Processing personal data is a major part of any business. This is utilized to automatise processes, contact employees and clients, and analyse data from the past.
In order to be GDPR-compliant You must maintain records of all operations that you conduct. This article will walk you on how to create that internal document so that you can demonstrate your responsibility to supervisory authorities.
Data Mapping and Inventory
A complete and precise view of personal data can be crucial for transparency and accountability. It’s also the easiest way to determine if the company can legally justify processing it.
Data mapping can be an intricate process, usually involving multiple departments across the company (marketing as well as HR, web development, and so on.). It’s crucial to choose a partner that can help you build this mapping with ease and precision as well as support for the entire breadth of personal data that you use in your business.
A complete and accurate database map is the very first phase in creating an internal accountability system as required by danh gia tac dong xu ly du lieu ca nhan Article 30 of GDPR. This will enable you to respond to requests for access or erase personal information quickly as well as demonstrating the transparency and thoroughness that GDPR requires in terms of privacy.
Purpose of Data Processing
One of the main goals of privacy legislation is to ensure transparency and accountability into data processing. This is, however, difficult to accomplish without detailed documentation of the types of data taken, the reason for it, and where and when.
This is why Article 30 of GDPR requires organisations to keep a record and an overview of the processing of personal data that can be made accessible upon request to supervisory authorities. Documentation also provides different types of data, their recipients, the purpose for processing as well as a summary of the security measures in place.
The initial creation and continual upkeep of RoPA isn’t easy and time-consuming. It can take up a lot of resources, particularly in large companies processing many different kinds of personal data. But this documentation is essential to conduct self-audits and discover gaps or opportunities to improve and enhance the efficiency of procedures.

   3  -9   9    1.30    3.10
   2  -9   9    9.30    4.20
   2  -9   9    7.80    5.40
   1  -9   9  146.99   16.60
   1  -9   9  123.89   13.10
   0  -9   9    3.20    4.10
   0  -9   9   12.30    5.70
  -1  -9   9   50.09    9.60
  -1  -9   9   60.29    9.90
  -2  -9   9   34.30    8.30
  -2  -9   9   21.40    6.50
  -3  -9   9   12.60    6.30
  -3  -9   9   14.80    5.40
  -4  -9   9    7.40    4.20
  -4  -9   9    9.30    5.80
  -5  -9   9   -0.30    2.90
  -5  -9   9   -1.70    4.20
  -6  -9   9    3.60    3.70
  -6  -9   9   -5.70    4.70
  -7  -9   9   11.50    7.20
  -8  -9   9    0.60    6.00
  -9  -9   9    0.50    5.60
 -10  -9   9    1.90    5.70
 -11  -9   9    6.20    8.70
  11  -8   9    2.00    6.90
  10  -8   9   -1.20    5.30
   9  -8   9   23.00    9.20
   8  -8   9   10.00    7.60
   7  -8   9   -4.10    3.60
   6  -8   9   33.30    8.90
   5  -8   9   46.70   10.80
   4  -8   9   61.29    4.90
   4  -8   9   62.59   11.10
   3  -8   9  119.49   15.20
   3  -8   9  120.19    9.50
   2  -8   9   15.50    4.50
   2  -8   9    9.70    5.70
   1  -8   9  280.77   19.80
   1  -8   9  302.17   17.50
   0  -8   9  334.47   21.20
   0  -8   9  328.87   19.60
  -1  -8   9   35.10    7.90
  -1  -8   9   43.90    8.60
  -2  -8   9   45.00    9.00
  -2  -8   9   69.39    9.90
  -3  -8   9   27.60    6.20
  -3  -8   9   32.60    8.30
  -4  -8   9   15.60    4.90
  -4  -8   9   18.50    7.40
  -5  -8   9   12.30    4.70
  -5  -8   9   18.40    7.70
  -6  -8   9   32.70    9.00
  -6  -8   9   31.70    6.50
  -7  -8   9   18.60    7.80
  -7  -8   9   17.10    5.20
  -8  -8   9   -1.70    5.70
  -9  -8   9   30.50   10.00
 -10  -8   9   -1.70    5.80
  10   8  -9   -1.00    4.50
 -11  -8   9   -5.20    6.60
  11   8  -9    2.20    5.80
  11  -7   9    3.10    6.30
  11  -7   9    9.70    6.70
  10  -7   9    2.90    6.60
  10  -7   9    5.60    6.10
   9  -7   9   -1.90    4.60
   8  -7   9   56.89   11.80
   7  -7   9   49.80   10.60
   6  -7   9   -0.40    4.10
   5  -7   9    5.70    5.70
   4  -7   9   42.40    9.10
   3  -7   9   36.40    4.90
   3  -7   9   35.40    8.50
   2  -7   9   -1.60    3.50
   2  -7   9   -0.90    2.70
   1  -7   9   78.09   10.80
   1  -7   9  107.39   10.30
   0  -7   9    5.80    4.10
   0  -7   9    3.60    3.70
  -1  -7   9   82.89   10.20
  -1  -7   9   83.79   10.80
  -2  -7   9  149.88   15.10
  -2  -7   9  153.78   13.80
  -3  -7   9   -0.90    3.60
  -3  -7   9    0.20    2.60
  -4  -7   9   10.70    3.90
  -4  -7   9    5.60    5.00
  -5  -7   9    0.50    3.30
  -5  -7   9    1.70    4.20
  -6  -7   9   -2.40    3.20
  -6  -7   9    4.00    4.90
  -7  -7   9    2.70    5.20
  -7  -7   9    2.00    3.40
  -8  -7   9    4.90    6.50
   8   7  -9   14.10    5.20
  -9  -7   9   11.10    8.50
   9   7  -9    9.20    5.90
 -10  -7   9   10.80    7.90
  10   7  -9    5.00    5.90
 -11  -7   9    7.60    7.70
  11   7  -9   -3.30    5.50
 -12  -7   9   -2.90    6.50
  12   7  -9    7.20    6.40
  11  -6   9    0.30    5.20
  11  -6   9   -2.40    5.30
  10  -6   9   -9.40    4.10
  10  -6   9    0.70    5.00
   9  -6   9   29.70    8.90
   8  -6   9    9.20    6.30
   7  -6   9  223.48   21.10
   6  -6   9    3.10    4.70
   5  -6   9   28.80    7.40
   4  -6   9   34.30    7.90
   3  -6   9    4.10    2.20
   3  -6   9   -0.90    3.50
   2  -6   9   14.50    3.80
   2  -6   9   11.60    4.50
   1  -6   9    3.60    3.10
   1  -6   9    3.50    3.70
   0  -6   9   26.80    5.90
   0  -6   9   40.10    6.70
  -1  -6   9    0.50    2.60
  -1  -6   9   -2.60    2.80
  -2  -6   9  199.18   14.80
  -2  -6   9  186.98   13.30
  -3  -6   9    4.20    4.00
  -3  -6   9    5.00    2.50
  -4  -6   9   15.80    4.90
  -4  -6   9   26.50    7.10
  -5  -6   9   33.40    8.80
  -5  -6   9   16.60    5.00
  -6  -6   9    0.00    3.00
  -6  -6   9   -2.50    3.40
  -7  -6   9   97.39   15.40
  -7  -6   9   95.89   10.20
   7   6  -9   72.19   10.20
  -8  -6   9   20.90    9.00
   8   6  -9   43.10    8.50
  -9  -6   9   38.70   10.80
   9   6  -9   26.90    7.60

Data Categories and Types
The GDPR requires companies that handle personal information to maintain thorough records of their processing practices, known as a log of processing actions (RoPA). This information should be available to authorities upon request.
The only way to create the RoPA which is useful and valuable is to split your operations within areas with a homogenous view of the type of data that is processed in these areas. These could be business-related functions including marketing, sales and HR or even geographic locations, such as manufacturing facilities or warehouses.
Consider the lawful basis you are using to process every data set. This will help you differentiate from data sets, so you can respond to requests for access by the data subject.
Data Flow Analysis
Data flow analysis is a method to document the origin, storage, and destinations of data that is personal in an organisation. It’s akin to a Data Protection Impact Assessment (DPIA) though they perform distinct functions and purposes.
An analysis of the data flow helps with the creation of documents of processing activity, which are a requirement for many organizations under GDPR Article 30. It is a best procedure for all. These records should include details of the purpose, legal basis, the status of consent, as well as transborder transfer.
Additionally, a granular data flow analysis can identify ways to improve constant folding, as well as other methods of optimization, and also help identify potential flaws. Additionally, it’s an essential tool in emergency response and management. In the event of the security breaches occur the data flow analysis tool can quickly identify the data affected and what measures to take.
Data Subjects and Consent
The Data Subjects are the individuals for whom personal information is stored. They are granted a variety of rights, including having the right of access to their information and the right to demand that it is corrected or erased.
Consent is among the legal bases to process data, but it must be granted freely and with specificity. Also, consent should be clearly stated and informed. The consent must be clear and can’t be a default option for anyone who provides an email address, or clicks a box on a form.
If a user of your data refuses or withdraws their consent, you must stop using the data subject’s personal details (unless other legal grounds are available). The data subject must be kept in a file regarding the reason for refusal and changes to consent. They must also be informed of any other lawful bases in processing their data.